Revisiting the Art of the (Post)Modern Poetry Collection, NeMLA 2016, Hartford: 17-20 March
White Buildings at 90: Revisiting the Art of the (Post)Modern Poetry Collection (Panel)
In 2016, scholars of twentieth-century poetry will mark the 90th anniversary of White Buildings, Hart Crane's only published collection of lyric poems (The Bridge qualifies as a modernist epic). Because Crane's lush aesthetics had for some time been heralded as an optimistic answer to the perceived pessimism or 'deadness' of T.S. Eliot's The Waste Land, White Buildings immediately garnered an unusual blend of popular attention and professional scrutiny, particularly for a debut collection (e.g. Edmund Wilson quipped that Crane's cryptic poetics unfurl "a great style, if there could be such a thing as a great style which was, not … so far as one can see, applied to any subject at all").
For scholars of Crane's slim oeuvre and tragically short life, White Buildings has retained its prominence as a singular poetry collection—that is, as an integrated book whose original drafts and design, textual sequence, inter-lyric aesthetics, and publication and reception history continue to inspire literary critics. Notably, however, scholarly attention to modernism's Little Magazines and to the aesthetic production of long poems has eclipsed research into the (post)modern poetry collection as a literary genre.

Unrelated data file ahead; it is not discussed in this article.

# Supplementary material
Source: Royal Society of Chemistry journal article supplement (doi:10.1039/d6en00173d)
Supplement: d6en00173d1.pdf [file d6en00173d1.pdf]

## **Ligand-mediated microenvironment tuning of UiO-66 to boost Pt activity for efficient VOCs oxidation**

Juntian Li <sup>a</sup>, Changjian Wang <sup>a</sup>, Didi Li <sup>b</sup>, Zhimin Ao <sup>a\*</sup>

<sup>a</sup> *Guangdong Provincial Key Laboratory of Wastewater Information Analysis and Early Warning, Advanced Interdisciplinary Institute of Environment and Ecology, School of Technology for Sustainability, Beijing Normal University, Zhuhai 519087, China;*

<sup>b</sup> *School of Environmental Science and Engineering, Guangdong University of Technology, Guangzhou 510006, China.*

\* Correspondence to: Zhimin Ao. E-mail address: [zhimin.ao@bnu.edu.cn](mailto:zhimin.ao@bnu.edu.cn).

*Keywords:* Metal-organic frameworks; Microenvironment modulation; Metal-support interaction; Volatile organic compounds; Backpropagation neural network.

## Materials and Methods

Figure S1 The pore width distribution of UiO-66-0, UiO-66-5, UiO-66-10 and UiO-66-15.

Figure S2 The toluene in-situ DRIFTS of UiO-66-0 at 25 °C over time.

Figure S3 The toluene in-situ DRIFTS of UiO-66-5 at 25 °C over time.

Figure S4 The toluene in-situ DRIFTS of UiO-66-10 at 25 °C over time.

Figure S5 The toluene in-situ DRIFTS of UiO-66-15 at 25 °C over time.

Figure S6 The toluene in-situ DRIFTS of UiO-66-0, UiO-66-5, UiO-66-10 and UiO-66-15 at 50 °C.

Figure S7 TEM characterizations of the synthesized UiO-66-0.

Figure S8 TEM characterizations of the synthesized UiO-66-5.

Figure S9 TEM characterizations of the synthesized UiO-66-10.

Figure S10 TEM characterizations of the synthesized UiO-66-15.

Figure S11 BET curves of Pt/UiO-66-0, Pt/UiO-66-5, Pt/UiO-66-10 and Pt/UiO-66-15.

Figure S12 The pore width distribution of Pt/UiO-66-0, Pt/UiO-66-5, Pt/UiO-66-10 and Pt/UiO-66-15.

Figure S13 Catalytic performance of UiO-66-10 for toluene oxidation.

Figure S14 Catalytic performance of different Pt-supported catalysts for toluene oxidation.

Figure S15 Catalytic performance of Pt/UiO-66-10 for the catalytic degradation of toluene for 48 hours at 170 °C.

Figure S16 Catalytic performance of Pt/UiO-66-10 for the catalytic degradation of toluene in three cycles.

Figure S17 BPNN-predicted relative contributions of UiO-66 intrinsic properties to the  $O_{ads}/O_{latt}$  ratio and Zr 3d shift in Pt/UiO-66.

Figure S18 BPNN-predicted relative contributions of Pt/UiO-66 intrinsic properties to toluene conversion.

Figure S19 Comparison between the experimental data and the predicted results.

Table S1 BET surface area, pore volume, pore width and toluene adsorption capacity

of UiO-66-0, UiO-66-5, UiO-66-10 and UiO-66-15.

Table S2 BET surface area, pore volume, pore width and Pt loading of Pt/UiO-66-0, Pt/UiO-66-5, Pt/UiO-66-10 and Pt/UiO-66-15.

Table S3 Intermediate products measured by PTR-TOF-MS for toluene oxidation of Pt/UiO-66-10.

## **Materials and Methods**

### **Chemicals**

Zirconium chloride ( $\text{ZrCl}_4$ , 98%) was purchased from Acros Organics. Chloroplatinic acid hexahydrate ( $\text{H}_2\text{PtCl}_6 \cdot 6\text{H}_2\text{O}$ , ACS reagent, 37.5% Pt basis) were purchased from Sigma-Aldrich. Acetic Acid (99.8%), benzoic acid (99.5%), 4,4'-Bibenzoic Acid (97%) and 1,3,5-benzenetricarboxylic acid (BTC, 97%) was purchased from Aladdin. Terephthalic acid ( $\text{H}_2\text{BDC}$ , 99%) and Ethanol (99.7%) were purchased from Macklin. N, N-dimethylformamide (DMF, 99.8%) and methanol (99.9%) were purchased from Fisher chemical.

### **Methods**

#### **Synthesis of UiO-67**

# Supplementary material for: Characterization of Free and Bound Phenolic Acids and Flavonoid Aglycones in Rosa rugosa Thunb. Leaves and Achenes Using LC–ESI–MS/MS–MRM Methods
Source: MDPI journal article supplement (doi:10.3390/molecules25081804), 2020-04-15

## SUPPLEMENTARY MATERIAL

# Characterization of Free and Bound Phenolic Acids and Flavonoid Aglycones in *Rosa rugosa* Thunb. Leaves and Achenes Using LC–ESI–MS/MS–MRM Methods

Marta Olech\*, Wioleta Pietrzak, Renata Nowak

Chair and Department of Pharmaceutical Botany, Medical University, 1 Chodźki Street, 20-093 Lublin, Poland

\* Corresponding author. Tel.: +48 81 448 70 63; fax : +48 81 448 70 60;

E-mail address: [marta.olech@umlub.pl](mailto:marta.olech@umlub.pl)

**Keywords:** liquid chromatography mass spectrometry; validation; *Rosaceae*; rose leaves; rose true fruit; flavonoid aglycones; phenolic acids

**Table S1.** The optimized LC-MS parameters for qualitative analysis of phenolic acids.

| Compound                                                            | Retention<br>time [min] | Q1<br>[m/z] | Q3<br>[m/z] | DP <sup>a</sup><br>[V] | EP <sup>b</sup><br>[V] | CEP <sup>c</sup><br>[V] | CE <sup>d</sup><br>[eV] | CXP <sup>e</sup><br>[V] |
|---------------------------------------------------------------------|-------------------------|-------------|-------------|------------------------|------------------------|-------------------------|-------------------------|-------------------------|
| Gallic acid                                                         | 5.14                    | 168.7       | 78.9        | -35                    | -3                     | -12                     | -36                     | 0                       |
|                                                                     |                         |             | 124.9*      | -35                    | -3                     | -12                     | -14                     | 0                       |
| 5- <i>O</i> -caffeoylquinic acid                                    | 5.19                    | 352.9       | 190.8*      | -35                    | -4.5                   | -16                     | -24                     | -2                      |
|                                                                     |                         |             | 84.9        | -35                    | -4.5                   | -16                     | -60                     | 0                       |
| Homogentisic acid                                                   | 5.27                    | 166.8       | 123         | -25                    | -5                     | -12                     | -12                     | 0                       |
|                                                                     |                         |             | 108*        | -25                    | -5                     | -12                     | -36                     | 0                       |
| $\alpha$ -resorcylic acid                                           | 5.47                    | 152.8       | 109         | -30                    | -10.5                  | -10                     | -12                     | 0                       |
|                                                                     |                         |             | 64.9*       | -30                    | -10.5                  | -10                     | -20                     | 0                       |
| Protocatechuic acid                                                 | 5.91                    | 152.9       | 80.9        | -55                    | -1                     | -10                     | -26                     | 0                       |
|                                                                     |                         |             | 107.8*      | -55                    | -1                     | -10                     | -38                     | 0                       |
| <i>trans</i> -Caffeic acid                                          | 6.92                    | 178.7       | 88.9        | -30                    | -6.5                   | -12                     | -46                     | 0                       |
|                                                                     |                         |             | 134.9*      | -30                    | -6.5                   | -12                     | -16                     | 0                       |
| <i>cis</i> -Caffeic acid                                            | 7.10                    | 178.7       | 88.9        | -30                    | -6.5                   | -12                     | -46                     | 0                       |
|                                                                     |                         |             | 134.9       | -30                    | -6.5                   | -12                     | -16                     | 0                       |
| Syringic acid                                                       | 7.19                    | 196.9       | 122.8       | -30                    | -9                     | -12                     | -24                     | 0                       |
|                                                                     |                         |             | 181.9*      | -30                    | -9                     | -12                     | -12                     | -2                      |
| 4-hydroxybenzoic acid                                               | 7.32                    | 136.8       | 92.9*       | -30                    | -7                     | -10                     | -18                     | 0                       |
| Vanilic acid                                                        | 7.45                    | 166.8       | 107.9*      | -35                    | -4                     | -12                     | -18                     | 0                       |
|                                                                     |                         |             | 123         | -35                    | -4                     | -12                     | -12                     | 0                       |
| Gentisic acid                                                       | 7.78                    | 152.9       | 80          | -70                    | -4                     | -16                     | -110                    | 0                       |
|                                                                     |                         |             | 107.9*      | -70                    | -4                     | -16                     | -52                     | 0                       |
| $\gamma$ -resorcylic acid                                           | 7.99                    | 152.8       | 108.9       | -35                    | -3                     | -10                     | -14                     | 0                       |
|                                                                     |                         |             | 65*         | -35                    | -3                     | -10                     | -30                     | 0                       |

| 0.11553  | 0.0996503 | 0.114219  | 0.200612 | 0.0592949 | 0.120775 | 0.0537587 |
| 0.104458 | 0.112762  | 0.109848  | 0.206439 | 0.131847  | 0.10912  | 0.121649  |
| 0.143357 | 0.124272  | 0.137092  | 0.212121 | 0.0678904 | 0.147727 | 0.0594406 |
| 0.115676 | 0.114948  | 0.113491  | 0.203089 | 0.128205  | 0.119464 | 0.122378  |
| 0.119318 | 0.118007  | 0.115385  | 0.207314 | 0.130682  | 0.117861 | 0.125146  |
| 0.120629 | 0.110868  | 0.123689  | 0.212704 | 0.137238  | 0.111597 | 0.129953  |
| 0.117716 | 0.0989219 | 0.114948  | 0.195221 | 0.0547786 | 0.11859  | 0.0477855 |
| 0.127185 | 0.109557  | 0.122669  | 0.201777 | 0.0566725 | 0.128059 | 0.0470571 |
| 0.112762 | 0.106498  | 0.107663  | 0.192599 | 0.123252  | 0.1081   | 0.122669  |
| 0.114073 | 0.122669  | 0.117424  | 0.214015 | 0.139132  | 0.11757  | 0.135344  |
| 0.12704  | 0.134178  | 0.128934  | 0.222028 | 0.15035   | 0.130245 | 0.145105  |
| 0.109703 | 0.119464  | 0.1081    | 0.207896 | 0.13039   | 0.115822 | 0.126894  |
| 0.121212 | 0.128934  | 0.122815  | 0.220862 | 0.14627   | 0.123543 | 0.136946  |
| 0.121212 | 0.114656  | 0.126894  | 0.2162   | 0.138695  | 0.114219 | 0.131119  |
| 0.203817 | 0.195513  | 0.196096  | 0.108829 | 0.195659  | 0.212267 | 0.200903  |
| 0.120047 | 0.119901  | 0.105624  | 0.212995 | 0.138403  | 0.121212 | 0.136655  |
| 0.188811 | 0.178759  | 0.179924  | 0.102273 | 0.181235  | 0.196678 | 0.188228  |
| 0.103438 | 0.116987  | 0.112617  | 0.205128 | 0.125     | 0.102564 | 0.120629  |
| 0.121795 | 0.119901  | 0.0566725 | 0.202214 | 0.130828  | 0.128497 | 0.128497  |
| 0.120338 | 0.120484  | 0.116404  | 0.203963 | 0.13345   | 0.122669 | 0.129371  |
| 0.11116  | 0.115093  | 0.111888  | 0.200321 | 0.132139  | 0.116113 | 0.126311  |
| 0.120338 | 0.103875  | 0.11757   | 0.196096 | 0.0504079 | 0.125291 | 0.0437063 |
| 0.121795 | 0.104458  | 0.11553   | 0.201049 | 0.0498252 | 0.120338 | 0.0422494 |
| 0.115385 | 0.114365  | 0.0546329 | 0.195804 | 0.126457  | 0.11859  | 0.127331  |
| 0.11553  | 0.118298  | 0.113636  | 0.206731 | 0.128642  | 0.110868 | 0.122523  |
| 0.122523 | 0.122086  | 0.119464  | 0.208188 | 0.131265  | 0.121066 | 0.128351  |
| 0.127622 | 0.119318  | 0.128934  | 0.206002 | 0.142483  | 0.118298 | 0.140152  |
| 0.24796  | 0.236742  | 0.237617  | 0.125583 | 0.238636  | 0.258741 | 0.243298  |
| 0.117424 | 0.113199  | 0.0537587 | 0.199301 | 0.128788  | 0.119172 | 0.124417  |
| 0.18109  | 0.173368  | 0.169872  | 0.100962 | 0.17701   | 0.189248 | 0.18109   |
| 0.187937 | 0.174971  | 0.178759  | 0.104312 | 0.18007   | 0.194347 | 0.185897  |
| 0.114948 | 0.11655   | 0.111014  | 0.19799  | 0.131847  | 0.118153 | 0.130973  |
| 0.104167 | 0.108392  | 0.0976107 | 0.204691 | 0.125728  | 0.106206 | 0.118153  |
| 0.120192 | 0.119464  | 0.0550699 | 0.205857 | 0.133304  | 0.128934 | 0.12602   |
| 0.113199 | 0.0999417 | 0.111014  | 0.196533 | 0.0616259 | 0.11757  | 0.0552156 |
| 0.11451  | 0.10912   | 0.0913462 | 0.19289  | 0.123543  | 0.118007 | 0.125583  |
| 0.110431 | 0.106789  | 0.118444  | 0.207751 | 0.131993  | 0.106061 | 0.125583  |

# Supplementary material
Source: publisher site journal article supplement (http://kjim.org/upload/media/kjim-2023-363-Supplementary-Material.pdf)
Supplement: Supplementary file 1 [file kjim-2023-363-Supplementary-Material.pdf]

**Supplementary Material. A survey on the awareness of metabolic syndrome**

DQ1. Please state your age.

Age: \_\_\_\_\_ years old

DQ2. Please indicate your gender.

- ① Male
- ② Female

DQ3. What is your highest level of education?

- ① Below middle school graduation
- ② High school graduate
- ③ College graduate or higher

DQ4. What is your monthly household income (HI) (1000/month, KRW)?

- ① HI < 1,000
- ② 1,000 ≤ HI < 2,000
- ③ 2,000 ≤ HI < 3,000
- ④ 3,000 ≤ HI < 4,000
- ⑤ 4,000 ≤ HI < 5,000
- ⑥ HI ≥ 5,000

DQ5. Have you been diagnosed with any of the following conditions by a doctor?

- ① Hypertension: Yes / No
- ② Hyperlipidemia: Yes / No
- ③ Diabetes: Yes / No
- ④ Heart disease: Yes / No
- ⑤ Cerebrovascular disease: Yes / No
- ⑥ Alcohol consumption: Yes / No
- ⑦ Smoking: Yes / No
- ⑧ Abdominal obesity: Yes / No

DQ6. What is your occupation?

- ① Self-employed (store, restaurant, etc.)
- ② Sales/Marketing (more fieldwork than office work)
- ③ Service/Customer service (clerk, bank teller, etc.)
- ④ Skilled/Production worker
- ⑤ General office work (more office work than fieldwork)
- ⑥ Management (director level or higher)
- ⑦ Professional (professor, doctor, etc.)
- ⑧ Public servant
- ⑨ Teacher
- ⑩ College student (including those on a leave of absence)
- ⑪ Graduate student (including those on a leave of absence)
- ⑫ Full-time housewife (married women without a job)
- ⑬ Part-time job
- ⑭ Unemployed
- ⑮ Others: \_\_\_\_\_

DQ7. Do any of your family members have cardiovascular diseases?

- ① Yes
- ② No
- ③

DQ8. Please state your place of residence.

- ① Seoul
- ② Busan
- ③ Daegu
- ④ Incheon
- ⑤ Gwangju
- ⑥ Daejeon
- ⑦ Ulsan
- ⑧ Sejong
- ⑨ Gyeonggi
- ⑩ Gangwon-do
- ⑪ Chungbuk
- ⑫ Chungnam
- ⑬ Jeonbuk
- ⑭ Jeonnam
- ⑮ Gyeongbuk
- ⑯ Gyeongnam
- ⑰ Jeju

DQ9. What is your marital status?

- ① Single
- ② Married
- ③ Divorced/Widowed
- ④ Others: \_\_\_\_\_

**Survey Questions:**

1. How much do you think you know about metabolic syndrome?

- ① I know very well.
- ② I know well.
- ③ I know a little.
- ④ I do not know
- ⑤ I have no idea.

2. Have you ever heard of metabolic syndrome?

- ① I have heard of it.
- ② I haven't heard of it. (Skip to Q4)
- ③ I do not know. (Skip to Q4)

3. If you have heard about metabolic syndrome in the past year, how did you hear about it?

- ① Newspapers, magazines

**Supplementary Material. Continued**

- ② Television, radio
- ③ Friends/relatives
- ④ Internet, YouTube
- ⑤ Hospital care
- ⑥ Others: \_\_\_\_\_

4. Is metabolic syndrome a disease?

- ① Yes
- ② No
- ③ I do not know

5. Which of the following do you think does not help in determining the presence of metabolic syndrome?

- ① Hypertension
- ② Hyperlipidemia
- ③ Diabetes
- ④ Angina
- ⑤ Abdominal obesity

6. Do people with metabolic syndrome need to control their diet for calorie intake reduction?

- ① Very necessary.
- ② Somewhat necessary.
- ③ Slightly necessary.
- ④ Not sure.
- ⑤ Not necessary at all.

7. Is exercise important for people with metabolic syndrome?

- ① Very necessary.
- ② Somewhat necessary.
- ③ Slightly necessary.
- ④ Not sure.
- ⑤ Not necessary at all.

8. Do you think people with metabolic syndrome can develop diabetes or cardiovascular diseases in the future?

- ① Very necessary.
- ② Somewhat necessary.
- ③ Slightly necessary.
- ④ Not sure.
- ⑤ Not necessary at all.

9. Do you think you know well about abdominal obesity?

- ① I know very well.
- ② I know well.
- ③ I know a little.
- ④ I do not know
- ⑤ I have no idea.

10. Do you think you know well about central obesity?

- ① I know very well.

Taking the 90th anniversary of White Buildings as its point of departure, this panel aims to redress gaps in current scholarship on the textual, editorial, and aesthetic dynamics (e.g. lyric or poetic sequencing, inter-lyric tropes and syntax, echo and allusion, de Manian tensions between figuration and grammar, a given book's significance to its poet's oeuvre, etc.) of the (post)modern poetry collection, both as a framework for diverse poetic forms and as its very own experimental or plastic genre. With at least one spot reserved for commemorative research on White Buildings, this panel invites papers on canonical, marginal, and overlooked collections of modernist and postmodern poetry in English within and beyond American and British horizons.